He goes on to add that “We claim Jesus is our homeboy, but sometimes we look more like the people Jesus railed against. The same indictments Jesus brought against the religious leaders of his day – the scribes and the Pharisees – he could bring down on many of America’s Christian leaders. No wonder the world hates us. Most of the time we’re persecuted not because we love Jesus, but because we’re prideful, arrogant jerks who don’t love the real Jesus. We’re often judgemental, hypocritical, and legalistic while claiming to follow a Jesus who is forgiving, authentic and loving.”

Ouch.

So how do we repair the broken parts of the church and strive toward this incredible thing that Jesus intended us to be?

Bethke writes in the final chapter ‘Why Jesus Loves the Church (And You Should Too)’ that “The difference between a critic and a servant is how they approach a problem. A critic stands back and points out the problem; a servant rolls up [their] sleeves and helps solve the problem.”

There are beautiful churches (see people, not building) who are getting it. It took removing my heart of criticism to see that.

If being the kind of Christians that Christ intended us to be was so easy, much of the important things we glean from our relationship with Christ wouldn’t be there. That character development that is required to truly understand the heart of Christ would be lacking.

“In the same way a mosaic is made up of broken, ragged and dirty pieces of glass, so the church is made up of broken, ragged and dirty people. But when you zoom out and see the whole picture, you see something beautiful. Broken people living life together is a beautiful picture.”

Whether we choose to admit it or not, we are all broken in some way. We are all failing Jesus and his mission in some way. In one aspect or another, all of us are guilty of following our Christian religion instead of following Christ. It can be a hard truth to hear. It’s even harder to take that truth and apply it to our lives.

But as Bethke says, the sign of a true servant is the one who digs in and starts making those changes. The church isn’t going to change overnight. But when each of us are willing to examine ourselves and dig in after a true, authentic Jesus, we’ll start to see change. It doesn’t come from calling one another out, claiming it’s out of love when it’s not. It comes from doing the dirty work ourselves; changing our own hearts, minds and actions. When we strive after that authentic relationship with Jesus, it challenges others to do the same. When we reflect Christ in all areas of our lives, it challenges others in the body to start reflecting him too.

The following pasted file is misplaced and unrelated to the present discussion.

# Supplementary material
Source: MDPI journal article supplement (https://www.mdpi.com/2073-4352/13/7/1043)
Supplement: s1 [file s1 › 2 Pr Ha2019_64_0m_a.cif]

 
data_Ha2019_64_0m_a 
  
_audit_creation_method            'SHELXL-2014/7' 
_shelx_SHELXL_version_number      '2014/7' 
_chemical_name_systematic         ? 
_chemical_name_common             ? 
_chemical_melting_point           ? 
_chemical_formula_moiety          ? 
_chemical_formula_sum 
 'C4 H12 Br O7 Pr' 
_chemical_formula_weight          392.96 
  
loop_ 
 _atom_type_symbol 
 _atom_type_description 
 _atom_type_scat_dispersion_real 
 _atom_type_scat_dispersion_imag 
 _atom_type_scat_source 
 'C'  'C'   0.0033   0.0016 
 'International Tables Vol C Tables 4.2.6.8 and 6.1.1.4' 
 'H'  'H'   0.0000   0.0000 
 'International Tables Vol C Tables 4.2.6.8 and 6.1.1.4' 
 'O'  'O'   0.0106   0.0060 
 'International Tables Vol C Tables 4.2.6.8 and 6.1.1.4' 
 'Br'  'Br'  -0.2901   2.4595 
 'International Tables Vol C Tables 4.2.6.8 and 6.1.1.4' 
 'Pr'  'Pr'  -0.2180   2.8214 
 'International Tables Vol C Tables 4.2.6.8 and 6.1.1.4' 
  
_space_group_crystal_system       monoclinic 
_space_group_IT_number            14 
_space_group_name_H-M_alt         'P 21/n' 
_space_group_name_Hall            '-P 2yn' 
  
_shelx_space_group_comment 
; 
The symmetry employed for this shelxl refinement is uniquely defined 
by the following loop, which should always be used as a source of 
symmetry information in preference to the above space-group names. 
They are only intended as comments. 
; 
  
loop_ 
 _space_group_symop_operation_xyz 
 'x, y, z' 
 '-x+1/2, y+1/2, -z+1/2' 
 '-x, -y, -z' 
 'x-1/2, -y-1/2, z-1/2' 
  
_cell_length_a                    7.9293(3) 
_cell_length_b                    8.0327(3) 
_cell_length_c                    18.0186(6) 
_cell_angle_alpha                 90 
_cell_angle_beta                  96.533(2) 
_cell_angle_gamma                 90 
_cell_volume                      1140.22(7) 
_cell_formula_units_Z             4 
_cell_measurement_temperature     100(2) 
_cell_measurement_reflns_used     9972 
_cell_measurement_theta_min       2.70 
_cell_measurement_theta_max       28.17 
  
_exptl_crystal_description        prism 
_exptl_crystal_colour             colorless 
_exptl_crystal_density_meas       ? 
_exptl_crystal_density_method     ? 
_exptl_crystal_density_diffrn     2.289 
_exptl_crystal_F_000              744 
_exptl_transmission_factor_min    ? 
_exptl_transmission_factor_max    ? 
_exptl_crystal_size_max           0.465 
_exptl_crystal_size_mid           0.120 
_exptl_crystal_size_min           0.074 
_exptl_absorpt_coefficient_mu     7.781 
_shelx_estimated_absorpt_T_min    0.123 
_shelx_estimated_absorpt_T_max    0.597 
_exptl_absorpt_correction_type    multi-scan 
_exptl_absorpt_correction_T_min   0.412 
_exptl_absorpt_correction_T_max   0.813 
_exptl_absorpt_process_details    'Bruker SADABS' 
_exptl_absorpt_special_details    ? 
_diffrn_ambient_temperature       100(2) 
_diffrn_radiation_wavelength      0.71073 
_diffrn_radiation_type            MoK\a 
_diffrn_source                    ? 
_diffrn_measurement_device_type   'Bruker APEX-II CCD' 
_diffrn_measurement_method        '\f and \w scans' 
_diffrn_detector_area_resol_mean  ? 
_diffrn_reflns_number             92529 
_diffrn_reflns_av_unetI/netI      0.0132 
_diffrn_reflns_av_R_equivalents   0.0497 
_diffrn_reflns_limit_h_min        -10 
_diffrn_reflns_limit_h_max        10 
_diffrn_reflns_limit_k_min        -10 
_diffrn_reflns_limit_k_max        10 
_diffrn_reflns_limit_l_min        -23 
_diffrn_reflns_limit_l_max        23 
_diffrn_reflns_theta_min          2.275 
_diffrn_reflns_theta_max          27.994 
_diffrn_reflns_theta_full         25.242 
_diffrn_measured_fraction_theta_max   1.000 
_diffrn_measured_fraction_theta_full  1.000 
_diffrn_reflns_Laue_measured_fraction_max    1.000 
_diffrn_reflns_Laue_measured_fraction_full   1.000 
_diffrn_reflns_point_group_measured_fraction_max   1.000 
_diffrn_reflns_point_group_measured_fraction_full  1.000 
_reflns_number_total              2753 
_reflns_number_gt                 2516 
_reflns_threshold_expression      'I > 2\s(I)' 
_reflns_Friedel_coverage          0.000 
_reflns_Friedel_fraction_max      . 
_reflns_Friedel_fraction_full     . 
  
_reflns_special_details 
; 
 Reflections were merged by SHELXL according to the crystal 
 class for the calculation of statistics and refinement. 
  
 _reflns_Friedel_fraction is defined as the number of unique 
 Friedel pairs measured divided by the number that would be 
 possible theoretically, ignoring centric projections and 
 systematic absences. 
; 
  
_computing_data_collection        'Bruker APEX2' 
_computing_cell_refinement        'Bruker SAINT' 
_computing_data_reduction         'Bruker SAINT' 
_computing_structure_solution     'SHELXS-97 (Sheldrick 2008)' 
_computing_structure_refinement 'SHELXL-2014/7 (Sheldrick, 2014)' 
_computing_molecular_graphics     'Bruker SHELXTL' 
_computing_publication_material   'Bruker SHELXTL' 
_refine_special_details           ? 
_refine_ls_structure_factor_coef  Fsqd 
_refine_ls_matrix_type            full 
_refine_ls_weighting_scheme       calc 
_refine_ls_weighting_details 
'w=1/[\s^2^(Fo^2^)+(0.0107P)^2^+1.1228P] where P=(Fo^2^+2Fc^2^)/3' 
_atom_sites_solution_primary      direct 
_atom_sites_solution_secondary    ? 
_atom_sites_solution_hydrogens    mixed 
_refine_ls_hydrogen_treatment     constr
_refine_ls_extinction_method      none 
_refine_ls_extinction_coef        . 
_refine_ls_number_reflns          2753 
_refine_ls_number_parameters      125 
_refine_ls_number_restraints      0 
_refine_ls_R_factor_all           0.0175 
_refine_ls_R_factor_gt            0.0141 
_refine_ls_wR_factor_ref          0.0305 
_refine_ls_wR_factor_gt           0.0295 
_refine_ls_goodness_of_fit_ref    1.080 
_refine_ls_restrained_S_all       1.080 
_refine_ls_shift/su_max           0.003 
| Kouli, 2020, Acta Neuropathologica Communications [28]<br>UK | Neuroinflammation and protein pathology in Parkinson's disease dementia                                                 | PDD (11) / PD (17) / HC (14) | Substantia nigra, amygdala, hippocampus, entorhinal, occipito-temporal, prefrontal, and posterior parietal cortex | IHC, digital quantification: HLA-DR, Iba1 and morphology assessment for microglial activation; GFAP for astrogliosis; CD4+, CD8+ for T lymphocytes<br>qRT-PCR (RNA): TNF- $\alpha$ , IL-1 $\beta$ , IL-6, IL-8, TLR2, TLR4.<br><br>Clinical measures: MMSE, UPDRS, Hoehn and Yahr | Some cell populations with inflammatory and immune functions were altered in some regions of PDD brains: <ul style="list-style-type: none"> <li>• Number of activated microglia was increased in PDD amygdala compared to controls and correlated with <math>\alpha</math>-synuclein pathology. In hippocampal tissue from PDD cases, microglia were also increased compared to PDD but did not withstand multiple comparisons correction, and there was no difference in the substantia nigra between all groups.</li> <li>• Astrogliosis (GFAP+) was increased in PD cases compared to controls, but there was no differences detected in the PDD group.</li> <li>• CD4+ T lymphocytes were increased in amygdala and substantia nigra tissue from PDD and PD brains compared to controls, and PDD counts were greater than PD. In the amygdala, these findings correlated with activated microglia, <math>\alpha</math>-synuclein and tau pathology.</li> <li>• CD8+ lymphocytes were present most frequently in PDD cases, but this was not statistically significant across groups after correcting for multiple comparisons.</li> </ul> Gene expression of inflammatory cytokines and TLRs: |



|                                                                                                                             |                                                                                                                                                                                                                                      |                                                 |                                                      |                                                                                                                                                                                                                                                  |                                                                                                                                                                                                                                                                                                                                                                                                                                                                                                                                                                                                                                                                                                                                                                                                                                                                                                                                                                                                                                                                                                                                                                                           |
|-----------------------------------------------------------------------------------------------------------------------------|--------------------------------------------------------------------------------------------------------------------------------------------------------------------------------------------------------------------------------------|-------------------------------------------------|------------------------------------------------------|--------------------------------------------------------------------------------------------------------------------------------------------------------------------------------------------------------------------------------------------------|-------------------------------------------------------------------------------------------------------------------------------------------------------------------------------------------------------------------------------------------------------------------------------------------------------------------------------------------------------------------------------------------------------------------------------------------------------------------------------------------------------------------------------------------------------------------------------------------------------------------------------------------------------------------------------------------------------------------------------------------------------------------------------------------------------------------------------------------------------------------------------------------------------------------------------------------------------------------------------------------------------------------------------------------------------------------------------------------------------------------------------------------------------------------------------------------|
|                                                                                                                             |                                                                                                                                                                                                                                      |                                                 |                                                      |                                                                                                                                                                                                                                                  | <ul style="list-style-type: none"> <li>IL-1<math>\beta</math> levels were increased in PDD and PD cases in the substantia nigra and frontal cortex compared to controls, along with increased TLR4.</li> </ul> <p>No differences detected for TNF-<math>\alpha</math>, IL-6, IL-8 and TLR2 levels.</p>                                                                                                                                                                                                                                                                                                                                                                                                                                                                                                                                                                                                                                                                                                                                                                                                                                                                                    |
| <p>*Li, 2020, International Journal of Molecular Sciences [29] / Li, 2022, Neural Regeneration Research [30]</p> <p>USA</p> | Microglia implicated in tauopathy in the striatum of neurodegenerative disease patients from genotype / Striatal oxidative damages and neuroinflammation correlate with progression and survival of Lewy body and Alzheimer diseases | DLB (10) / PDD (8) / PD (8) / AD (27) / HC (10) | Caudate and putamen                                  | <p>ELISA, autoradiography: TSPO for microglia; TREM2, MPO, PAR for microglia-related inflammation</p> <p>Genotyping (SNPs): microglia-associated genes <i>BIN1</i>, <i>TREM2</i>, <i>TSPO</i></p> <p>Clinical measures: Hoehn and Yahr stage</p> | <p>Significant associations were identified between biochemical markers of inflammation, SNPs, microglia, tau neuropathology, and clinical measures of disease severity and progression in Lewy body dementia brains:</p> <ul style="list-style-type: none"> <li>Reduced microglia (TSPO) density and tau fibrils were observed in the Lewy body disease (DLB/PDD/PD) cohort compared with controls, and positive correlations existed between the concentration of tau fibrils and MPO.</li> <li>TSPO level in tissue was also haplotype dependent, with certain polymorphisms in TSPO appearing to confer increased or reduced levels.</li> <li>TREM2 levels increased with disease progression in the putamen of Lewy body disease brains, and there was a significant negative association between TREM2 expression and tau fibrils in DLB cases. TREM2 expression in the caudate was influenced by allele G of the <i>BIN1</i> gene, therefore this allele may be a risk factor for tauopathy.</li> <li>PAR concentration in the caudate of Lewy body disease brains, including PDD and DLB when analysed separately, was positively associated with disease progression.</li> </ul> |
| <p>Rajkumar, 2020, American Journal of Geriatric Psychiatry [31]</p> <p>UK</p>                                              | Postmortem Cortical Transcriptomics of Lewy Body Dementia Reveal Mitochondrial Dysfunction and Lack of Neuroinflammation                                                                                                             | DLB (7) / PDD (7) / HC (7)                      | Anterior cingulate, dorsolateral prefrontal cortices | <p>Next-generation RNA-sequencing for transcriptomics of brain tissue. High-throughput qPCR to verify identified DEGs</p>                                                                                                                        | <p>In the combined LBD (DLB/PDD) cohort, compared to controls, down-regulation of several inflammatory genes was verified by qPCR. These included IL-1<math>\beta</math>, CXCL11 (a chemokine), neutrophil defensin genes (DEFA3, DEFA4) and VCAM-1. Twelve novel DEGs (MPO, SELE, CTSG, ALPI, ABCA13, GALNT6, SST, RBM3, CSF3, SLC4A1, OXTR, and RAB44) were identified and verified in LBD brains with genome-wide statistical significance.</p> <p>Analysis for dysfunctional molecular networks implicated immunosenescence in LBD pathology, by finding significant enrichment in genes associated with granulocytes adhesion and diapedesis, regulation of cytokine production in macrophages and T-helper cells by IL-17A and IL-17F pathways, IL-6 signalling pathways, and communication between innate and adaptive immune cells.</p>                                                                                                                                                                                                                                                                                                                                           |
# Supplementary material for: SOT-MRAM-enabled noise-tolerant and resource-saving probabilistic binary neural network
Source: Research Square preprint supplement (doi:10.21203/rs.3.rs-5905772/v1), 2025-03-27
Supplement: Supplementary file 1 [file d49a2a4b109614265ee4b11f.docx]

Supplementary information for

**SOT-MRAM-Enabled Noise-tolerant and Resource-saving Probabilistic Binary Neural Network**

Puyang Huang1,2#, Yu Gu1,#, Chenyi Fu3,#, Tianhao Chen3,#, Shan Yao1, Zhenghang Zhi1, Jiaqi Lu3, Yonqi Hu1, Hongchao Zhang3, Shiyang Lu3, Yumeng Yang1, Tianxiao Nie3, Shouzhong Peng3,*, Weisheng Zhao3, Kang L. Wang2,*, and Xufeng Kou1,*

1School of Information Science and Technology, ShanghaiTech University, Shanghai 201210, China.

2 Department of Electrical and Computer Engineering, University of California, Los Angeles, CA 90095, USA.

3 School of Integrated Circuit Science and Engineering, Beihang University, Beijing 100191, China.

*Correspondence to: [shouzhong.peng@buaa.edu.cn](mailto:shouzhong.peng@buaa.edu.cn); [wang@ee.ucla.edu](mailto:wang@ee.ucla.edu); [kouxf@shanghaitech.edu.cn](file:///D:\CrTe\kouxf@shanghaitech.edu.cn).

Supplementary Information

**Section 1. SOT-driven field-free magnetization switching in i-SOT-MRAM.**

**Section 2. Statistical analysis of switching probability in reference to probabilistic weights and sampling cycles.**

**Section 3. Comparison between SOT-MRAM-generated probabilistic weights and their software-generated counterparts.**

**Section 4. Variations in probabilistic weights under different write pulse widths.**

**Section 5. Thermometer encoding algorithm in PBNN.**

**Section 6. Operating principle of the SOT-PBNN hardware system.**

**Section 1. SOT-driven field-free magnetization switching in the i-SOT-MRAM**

And if that’s what you’re striving for, then I definitely recommend picking up Bethke’s book, Jesus>Religion. It may not revolutionize your faith, but in the least, I promise it will challenge you.

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7 thoughts on “Jesus > Religion

    1. No problem! If you do get a chance to check out the book, I highly recommend it. It’s a great read for a number of reasons.

  1. I was so excited when I saw that you were writing about this book. I read it for a church group I am a part of a few years ago, and loved it. While of course I can’t agree withe Bethke on everything, this book spoke to a LOT of the issues I see with Christianity and specifically our generation- disliking the “church” and therefore turning away from the faith as a whole, the fake-for-popularity Christianity too many people pretend to live out, etc. It was great, so glad you enjoyed it too! It’s making it’s way back to my re-read list, lol.

    1. I find it truly rare I ever agree with a writer on everything, but to me that’s usually a good thing!

      It wasn’t in Bethke’s book, and I can’t remember where I saw it, but there was an article or book on how this entire drive from our generation for ‘authentic’ actually pushed more of our generation away, because the authentic that we were grabbing at was more of a watered-down ‘we don’t need traditions, or rules, and it’s okay to sin so I’m not going to worry’ kind of Christianity.

  2. I love this post so much! I need to add this book to my reading list. I definitely agree that Jesus should be our focus. Organized religion sometimes misses the point, but that doesn’t mean we should give up on it.

    1. Thank you Brita! And thanks so much for the share.

      I think there are definite benefits to organized ‘religion’ and if the church can shift it’s focus back to Jesus, we’d start to see those benefits in droves.